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Lance Armstrong on cheating in cycling: 'My generation was no different'

Admitted steroid user Lance Armstrong said in an interview with cyclingnews.com's Daniel Benson that the sport needs to look for a broad solution to deal with doping.

Armstrong thinks that for the sport to move forward, a Truth and Reconciliation Commission (TRC) is "the only way. As much as I'm the eye of the storm this is not about one man, one team, one director. This is about cycling and to be frank it's about ALL endurance sports. Publicly lynching one man and his team will not solve this problem."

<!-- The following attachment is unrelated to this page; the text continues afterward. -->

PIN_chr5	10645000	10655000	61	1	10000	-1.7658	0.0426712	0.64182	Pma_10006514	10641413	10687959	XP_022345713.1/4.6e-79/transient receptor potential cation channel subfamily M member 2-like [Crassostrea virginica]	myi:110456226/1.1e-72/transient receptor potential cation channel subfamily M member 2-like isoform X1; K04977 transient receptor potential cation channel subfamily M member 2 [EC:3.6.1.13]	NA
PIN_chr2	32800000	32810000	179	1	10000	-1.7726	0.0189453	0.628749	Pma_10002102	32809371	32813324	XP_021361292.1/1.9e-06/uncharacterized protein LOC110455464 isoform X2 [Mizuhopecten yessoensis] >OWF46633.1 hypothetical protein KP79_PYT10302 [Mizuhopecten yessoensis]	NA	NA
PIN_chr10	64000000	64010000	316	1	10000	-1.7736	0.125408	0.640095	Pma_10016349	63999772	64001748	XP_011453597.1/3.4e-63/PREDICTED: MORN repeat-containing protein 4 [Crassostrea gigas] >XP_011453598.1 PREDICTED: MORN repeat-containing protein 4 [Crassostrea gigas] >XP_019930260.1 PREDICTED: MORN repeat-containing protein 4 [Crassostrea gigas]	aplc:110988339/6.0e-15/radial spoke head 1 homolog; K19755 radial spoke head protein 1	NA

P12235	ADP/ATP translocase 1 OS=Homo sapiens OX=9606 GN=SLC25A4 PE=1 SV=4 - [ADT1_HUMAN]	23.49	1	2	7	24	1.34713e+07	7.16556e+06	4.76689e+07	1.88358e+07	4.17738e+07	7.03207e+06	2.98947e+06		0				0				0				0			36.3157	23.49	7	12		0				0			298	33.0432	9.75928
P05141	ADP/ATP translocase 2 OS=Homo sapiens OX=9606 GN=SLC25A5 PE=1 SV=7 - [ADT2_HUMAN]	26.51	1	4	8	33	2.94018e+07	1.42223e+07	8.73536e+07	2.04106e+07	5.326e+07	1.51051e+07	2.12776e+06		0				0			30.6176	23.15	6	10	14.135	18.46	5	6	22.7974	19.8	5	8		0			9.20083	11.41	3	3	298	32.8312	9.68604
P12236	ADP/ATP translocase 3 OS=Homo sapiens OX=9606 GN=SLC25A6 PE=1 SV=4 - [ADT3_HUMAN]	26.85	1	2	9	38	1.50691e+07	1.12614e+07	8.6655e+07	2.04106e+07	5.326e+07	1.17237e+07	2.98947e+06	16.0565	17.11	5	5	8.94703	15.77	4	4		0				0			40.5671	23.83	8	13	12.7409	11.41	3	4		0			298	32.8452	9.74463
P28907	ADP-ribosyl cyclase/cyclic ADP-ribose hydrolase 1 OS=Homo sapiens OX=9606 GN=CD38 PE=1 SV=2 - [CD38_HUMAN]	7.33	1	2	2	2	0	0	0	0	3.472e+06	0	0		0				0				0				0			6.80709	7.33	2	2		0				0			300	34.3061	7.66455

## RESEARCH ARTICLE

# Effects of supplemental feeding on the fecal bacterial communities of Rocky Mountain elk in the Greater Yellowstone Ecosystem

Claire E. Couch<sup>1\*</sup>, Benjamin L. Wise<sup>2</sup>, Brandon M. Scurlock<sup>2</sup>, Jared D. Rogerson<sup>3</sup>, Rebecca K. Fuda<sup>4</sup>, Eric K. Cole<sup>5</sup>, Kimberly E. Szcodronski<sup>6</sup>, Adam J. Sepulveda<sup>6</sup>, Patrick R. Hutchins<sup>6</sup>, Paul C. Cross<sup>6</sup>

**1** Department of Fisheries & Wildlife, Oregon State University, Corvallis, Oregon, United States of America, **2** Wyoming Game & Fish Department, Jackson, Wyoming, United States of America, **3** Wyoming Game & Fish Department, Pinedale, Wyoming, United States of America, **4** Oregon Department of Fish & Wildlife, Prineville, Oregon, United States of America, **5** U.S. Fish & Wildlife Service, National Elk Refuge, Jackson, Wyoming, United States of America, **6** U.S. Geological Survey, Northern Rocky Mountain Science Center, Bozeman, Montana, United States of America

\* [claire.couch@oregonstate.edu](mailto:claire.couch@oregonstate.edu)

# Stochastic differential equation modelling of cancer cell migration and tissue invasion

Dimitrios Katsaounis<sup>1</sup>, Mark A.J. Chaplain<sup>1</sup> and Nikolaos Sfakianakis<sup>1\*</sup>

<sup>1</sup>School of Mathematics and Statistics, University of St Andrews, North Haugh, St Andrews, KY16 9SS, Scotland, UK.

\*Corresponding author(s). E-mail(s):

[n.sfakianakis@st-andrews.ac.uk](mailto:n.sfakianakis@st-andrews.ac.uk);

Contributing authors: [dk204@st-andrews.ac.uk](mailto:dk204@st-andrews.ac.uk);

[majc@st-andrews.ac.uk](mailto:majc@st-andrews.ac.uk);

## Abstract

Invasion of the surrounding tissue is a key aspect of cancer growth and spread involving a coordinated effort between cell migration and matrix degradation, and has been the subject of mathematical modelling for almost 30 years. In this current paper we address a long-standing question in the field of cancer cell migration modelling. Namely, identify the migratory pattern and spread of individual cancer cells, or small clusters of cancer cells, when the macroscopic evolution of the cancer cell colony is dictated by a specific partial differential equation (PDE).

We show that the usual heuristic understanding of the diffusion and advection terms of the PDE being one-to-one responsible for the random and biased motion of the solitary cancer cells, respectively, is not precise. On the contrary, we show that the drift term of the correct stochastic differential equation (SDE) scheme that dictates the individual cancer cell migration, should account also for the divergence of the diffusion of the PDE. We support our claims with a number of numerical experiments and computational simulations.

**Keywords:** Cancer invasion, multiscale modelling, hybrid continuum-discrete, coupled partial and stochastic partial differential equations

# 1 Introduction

In Armstrong's version of the TRC, cyclists would be called to testify with full amnesty.

Later in the interview, Armstrong said that cyclists have been looking for an edge for years.

CN: Do you feel like you're the fall guy for an entire sport/system?

Armstrong: Actually, yes I do. But I understand why. We all make the beds we sleep in.

CN: When you came into the sport, it probably wasn't to dope, it wasn't to cheat but at what point, specifically, did you realize that was how cycling worked and that the governing body weren't dealing with the situation?

Armstrong: My generation was no different than any other. The 'help' has evolved over the years but the fact remains that our sport is damn hard, the Tour was invented as a 'stunt, and very tough mother f**kers have competed for a century and all looked for advantages. From hopping on trains a 100 years ago to EPO now. No generation was exempt or 'clean'. Not Merckx's, not Hinault's, not LeMond's, not Coppi's, not Gimondi's, not Indurain's, not Anquetil's, not Bartali's, and not mine.

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